Fabio Petito is Senior Associate Research Fellow in ISPI and Head of the "Religions and International Relations" Programme promoted by ISPI and the Freedom of Religion or Belief & Foreign Policy Initiative (FoRB&FPI), University of Sussex - UK. He is Senior Lecturer in International Relations at the University of Sussex. He has taught at SOAS in London, the ESCP-EAP in Paris and at ‘L’Orientale’ in Naples.
Risultati della ricerca:
The Wagner Group—Russia’s most prolific and infamous private military company (PMC)—formed during Russia’s 2014 invasion of Ukraine, a mission that was influential in establishing Russia’s growing strategy of pursuing state goals through deniable PMC activities.
The most plausible scenarios of Russia’s development (or degradation) are inertial. However, sometimes this development becomes abrupt, and shocks appear. Like, for example, the capture of Crimea in 2014, the nullification of Putin's terms and the poisoning of Alexei Navalny in 2020, or the beginning of the “special operation” in 2022. There have already been several shocks within the war. For the population of Russia, in addition to the start of the war itself, the second shock is the partial mobilisation.
On 24 February 2022, the modern world as we used to know it changed. Russia’s attack on Ukraine has created a huge humanitarian crisis, bringing war back to the heart of Europe after several decades of peace and sending shock waves through global energy markets.
The Russian aggression against Ukraine, the sanctions on Russian oil and coal and Russia’s gas supply stop has forced Germany to reassess its energy and climate policy and to redefine priorities in the energy trilemma sustainability- supply security-economic competitiveness. Before the war, Germany clearly prioritized climate sustainability and the electrification/decarbonization of the economy. Meanwhile, it considered fossil energy-especially gas- security stable and secure and competitiveness increasingly a function of the energy transformation.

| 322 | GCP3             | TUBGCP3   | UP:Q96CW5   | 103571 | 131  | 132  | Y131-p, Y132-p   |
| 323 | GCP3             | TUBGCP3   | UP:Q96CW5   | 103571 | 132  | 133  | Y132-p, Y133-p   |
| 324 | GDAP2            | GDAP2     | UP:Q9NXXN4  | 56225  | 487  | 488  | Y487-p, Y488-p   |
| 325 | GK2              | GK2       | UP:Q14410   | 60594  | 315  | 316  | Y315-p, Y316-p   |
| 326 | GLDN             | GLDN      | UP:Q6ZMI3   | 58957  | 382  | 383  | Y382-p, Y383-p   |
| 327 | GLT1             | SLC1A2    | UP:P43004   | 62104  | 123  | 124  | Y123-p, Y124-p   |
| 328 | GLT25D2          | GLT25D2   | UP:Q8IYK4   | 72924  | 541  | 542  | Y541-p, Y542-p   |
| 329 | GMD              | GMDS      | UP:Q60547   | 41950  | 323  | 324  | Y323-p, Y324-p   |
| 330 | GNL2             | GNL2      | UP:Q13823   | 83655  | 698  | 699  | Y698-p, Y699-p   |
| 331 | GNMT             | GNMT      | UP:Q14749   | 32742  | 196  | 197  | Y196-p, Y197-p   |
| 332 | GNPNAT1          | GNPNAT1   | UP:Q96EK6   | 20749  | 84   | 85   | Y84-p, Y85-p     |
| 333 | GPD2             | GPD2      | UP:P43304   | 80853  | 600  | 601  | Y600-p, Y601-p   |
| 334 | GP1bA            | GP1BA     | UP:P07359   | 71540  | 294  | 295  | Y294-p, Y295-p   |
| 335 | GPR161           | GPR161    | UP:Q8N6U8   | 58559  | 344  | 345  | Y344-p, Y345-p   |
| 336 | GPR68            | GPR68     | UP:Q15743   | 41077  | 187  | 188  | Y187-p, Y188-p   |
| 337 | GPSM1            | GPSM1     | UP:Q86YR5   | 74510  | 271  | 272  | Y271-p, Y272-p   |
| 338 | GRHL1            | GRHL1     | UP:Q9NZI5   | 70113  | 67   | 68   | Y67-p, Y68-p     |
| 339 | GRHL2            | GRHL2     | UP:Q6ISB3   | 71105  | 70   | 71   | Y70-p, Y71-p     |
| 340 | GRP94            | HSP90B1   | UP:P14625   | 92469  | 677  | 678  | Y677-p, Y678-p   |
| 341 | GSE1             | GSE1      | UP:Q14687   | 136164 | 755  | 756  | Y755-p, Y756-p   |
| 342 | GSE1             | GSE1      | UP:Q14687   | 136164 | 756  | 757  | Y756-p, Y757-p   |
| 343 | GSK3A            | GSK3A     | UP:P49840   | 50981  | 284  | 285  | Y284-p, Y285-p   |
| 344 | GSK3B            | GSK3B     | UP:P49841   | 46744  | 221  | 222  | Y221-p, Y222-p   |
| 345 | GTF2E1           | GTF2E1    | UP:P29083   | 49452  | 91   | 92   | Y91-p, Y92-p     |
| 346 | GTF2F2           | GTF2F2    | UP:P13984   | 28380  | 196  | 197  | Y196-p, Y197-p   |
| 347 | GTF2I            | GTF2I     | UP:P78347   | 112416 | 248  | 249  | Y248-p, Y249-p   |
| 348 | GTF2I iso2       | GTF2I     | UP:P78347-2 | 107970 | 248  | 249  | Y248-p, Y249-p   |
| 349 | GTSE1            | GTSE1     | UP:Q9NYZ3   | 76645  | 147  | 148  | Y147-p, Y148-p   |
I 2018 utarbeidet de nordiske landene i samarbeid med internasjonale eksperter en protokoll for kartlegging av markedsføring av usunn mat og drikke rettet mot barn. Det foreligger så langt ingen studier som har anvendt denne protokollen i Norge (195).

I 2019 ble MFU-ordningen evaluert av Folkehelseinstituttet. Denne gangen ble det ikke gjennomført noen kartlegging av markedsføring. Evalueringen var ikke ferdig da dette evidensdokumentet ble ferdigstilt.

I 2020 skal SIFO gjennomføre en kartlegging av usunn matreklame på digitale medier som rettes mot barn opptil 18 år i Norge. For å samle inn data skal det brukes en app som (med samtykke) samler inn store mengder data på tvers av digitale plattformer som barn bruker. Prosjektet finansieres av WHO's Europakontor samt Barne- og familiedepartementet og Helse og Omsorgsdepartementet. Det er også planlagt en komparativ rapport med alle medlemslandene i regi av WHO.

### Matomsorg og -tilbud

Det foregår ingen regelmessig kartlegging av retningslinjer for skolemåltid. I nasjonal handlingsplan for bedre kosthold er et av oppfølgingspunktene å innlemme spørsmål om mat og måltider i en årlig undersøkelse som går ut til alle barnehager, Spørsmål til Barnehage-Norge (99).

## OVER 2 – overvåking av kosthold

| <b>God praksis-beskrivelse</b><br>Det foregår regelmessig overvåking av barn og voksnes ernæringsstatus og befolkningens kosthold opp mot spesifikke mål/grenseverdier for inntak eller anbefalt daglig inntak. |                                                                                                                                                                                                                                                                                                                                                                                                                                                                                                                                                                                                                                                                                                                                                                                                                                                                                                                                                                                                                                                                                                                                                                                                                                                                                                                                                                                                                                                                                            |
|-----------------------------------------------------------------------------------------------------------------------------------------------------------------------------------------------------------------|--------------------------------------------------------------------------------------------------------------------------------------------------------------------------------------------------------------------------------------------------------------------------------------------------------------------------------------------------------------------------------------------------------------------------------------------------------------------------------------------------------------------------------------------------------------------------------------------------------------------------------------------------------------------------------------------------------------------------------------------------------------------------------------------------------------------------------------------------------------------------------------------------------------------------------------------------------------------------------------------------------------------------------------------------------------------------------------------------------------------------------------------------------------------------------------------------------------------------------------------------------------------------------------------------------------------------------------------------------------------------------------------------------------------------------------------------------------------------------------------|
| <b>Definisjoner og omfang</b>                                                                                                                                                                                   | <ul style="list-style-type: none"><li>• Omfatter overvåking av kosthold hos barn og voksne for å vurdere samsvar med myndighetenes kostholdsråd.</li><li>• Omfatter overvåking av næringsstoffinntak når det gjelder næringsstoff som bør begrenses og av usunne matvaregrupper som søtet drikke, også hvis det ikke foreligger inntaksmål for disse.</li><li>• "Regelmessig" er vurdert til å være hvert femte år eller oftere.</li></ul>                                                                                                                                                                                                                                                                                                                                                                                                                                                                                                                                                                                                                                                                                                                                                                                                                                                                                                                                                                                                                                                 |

Over the last twenty years, the European Union (EU) has developed strong credentials in tackling climate and sustainable development-related issues, having actively contributed to the achievement of milestone international agreements and been the frontrunner in the design and implementation of climate and environmental policies at large.
This contribution is based on a policy paper published by the author in July 2022 reflecting on France’s energy future available here (in French).
Emissions from light duty vehicle transport (which includes cars and vans) account for 16% of global CO2 emissions from the energy sector and have been continuously increasing at a global level. Electric vehicles offer a cost effective and efficient solution for the decarbonisation of this sector. The IEA’s Tracking Clean Energy Progress categorises electric vehicles as one of the very few technologies that is on track with net zero by 2050 pathway requirements.
What are the ‘health conditions’ of international trade? Since the outbreak of the war in Ukraine, the future of globalisation has been debated. The conflict sparked an economic shock, with energy prices skyrocketing and 'bottlenecks' emerging along some key supply chains related to agricultural commodities. The dialogue between non-western powers, as opposed to typically Euro-Atlantic for a, such as G7 and NATO, suddenly turned tense.
The current motto of Indonesia’s G20 presidency is “recover together, recover stronger”.